2017 will see the beginning of a new presidential administration and holds the potential to be a year of action. With this in mind, I’d like to propose five New Year’s resolutions for federal IT leadership and the new administration that will enable real change in 2017.
Establish IT as central to agency missions and retire legacy systems
Federal agencies are beginning to understand the potential of digital transformation and how it supports their missions. Yet in order to power these technologies, IT modernization is critical. Just as a Lamborghini won’t run up to its full potential on a dirt road, the most cutting edge technologies will be limited by outdated infrastructure.
This coming year, agencies must resolve to retire all legacy systems that are more than ten years old. If IT infrastructure is older than your first cell phone, it can’t support digital transformation securely or effectively. For example, software-defined infrastructure and network solutions that offer visibility and automation allow agencies to adjust to unpredictable network traffic and the explosion of data caused by digital transformation. It’s time to prioritize these network options and serve citizens, taxpayers and our armed forces with the digital experience that they get everywhere else.
Harness the benefits of a hybrid cloud environment
Agencies also need to reconsider their approach to the cloud. Government has appropriately embraced cloud, but “cloud first” should not mean cloud only.
Federal IT leadership’s second resolution should be to prioritize a hybrid approach to cloud. Leaders like DOD CIO Terry Halvorsen have gone so far as to say, “We would be completely stupid if we didn’t take advantage of hybrid cloud environment.” The information agencies deal with on a regular basis can contain national security information or private citizen data. Hybrid cloud environments give agencies the flexibility to retain control and heightened security for sensitive information and workloads, while still enabling cloud’s benefits.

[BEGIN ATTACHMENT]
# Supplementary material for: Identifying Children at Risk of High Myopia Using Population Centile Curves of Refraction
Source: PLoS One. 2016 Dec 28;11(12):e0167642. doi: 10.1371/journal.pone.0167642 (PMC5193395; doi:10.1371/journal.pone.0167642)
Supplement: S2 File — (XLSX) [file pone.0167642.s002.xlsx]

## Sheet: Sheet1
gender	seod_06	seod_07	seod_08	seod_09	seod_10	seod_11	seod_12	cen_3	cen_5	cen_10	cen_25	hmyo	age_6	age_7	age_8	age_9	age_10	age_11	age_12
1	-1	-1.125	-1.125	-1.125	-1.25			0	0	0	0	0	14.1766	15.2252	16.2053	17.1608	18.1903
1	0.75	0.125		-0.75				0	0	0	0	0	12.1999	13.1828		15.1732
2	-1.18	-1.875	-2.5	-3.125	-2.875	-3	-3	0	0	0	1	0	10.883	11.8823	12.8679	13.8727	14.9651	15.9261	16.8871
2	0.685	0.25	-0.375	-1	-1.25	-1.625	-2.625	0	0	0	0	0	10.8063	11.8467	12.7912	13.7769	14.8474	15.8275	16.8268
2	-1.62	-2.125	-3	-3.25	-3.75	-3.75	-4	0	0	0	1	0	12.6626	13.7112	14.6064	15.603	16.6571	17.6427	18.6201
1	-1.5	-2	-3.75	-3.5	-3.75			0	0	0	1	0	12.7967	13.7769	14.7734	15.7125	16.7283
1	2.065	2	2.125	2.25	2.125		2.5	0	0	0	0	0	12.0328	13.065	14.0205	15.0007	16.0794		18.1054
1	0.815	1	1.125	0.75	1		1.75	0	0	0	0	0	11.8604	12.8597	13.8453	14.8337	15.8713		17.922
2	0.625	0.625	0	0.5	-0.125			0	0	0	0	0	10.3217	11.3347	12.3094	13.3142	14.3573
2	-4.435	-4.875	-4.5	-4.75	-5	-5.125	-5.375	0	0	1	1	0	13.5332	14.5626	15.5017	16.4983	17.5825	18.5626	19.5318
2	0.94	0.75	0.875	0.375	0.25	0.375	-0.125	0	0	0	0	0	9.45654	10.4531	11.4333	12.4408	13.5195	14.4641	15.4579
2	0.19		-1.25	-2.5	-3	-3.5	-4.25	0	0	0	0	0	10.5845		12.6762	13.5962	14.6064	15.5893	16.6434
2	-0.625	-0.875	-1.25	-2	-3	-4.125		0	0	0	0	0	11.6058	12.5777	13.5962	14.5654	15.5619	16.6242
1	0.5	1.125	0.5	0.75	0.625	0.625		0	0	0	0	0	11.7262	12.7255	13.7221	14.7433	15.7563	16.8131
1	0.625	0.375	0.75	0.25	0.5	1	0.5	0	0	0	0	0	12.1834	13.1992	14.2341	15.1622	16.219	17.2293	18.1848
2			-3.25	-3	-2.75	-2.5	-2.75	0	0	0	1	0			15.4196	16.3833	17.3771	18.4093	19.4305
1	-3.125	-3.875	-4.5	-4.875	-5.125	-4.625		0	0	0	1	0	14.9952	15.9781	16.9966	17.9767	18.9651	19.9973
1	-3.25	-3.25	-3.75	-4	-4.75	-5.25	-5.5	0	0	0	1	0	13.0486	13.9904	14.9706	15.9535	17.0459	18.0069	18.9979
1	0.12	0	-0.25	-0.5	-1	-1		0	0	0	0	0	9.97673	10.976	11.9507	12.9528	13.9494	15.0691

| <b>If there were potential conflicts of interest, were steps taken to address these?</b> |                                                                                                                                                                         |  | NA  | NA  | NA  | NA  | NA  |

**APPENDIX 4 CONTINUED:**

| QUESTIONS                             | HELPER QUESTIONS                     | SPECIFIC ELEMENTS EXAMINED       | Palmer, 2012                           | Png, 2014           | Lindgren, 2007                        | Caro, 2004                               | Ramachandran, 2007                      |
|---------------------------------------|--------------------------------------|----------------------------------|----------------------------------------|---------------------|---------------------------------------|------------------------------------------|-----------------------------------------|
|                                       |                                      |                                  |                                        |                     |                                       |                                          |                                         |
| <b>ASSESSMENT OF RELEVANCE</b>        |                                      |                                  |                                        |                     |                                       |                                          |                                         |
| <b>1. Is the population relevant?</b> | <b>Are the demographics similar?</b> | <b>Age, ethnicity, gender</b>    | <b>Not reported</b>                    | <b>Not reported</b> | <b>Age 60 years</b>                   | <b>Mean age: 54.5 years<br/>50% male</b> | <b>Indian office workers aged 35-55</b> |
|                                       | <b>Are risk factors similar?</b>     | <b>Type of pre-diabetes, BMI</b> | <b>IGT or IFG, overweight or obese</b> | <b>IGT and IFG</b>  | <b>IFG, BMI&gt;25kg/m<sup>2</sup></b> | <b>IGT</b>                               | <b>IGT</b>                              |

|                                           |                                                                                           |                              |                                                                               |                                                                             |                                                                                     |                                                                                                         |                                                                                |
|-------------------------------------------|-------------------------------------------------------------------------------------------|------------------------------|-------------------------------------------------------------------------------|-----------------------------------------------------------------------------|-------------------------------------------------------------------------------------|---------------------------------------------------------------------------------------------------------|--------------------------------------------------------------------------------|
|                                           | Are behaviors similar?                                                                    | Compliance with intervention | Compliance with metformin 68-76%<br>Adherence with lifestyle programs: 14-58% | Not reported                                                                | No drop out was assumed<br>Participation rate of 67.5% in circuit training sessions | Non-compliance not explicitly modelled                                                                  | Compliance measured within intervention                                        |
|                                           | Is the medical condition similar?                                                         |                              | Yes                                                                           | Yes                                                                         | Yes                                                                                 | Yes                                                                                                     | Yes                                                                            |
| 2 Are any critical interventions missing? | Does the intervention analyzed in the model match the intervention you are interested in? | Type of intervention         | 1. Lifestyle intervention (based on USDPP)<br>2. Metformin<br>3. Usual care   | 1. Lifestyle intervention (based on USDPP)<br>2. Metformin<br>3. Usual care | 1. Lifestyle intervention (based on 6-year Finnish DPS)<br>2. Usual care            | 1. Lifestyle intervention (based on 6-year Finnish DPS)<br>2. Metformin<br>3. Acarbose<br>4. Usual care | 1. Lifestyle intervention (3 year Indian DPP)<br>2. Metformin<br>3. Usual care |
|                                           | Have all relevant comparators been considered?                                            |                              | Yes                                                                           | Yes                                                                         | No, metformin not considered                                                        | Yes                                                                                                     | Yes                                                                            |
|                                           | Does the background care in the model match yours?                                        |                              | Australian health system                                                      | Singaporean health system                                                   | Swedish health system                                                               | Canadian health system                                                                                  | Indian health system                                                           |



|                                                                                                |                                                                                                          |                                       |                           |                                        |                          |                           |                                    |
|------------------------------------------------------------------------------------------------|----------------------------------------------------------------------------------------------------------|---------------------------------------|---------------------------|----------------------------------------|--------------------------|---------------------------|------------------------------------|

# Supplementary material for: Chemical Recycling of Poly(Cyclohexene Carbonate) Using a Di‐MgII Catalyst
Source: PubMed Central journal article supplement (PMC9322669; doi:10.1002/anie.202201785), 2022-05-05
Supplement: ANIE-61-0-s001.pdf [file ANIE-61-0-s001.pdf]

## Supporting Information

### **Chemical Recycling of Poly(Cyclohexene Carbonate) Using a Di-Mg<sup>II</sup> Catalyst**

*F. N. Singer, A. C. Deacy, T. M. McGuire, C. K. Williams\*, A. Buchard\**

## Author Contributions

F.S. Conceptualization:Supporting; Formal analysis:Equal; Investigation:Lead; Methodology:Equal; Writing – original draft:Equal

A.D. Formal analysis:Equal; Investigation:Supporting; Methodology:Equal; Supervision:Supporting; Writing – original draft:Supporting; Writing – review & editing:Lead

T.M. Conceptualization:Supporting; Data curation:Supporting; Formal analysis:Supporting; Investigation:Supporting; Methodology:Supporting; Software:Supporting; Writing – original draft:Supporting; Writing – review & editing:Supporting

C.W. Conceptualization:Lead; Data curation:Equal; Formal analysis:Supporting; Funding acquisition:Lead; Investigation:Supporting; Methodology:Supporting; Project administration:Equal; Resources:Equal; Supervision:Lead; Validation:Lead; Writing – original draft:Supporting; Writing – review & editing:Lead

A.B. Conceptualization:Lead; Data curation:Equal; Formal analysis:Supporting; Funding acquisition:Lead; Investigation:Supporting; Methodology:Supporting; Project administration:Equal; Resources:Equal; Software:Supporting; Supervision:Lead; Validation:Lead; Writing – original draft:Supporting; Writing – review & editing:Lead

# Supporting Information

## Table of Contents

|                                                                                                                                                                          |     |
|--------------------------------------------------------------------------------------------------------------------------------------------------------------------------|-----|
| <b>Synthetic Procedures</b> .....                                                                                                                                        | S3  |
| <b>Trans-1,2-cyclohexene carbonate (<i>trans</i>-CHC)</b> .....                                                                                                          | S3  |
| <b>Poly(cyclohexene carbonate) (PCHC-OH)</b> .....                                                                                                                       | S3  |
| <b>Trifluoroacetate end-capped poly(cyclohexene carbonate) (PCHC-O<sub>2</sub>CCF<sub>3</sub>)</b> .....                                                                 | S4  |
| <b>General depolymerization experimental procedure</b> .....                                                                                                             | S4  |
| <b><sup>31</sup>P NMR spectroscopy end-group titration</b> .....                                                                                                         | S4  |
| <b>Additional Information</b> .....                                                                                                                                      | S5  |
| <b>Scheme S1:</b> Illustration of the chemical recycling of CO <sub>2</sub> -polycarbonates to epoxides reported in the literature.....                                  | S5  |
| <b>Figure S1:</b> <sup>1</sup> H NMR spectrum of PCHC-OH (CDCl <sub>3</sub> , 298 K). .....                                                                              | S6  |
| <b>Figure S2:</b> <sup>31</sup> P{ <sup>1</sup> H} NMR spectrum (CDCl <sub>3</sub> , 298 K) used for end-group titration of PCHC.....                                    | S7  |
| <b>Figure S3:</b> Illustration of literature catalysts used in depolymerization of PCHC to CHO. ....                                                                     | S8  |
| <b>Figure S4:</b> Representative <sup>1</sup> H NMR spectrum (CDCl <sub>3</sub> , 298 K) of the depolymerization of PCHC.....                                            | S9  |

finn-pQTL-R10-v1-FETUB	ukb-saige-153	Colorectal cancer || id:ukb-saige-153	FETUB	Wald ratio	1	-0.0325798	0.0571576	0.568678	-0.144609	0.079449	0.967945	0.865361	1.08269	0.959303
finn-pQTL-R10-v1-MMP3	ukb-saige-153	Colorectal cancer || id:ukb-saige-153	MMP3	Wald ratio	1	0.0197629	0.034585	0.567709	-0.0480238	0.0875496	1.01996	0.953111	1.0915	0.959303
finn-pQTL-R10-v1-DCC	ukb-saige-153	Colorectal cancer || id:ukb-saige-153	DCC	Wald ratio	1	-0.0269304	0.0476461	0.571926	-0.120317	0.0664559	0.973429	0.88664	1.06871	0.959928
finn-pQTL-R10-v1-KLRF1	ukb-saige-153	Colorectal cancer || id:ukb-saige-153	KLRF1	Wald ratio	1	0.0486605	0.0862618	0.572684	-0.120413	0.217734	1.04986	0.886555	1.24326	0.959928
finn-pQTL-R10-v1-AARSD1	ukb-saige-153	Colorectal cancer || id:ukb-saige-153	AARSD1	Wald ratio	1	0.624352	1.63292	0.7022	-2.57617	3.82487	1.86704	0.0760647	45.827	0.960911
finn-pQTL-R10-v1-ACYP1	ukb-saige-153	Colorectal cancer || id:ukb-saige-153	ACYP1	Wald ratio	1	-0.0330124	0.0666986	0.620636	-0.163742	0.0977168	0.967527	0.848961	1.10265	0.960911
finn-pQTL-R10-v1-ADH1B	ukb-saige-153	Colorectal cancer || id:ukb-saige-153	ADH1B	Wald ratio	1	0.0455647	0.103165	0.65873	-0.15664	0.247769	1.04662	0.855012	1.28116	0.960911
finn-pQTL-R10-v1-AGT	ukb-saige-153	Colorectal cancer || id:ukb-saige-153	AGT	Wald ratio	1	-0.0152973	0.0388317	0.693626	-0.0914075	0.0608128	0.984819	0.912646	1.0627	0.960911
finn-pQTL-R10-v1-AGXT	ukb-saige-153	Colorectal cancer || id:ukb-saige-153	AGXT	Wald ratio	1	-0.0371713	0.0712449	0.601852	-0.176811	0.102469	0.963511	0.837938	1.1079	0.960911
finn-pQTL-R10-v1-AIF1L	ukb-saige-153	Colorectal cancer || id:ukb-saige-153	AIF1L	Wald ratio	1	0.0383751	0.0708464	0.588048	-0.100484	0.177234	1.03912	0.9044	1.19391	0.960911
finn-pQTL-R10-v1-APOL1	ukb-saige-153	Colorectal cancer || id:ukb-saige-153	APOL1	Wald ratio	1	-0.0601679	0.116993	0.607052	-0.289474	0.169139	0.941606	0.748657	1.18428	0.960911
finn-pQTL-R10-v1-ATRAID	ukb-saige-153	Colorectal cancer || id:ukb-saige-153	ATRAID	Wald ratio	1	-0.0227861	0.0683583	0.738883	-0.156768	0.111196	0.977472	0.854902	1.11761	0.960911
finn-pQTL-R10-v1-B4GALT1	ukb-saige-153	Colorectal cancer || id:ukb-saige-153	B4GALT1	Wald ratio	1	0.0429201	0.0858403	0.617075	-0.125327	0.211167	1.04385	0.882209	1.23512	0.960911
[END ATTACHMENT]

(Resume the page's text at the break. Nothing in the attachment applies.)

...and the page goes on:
Drive industry/government IT collaboration and leverage COTS solutions
The federal IT budget remains tight, so agencies need creative ways to innovate. There is already great work in progress for agencies to take advantage of but only if they collaborate with and learn from industry.
Federal IT leaders should resolve to drive regular, direct collaboration between public and private sector. It’s no secret that when it comes to IT innovation, commercial entities are more nimble. Federal IT leaders can benefit by leveraging private sector innovation and COTS offerings, rather than creating a solution from scratch that will take years to test and implement.
Some organizations already have made steps in this direction. The Defense Information Systems Agency (DISA) recently appealed to private sector to help develop solutions that could trigger government modernization. DIUx,a program first launched in Silicon Valley with the intention of bringing insights and technical expertise from industry back to the Pentagon, is another example that is just beginning to get off the ground.
Require outcome-based RFPs and drive competition
Currently many RFPs focus on the wrong details, looking at specific vendor offerings, rather than outcomes. Rather than identifying a mission need, like mobile access to information, the current procurement process specifies the need for an iPad or equivalent. This approach freezes out competition and potential innovation before it starts. Instead, government should resolve to define desired outcomes and work closely with industry as RFPs are developed, in order to keep an open mind to available options and emerging solutions that fit their desired outcome.
Standardize regulations across agencies
Currently there is a huge set of regulations and policies across agencies that overlap or contradict, despite seeking an identical deliverable. These redundant regulations cost taxpayers and act as roadblocks and excuses, preventing agencies from efficiently accessing what they need, even if the solution is right in front of them. No business would create completely different guidelines and policies for each internal department.
The new administration should resolve to start the New Year with a review that examines current regulations and policies, streamlining and eliminating duplicative efforts or clarifying those that stand at odds and prevent progress. By developing unified regulations, IT leaders can more easily work together and take advantage of solutions that work for their counterparts at other agencies. The federal IT community should all speak the same language.
The federal government has the power to accomplish great things in 2017. If federal IT leadership commits to these five resolutions, the coming year will be a year of action and accomplishment. Will you resolve to mandate these 5 resolutions to drive IT progress for your agency in 2017?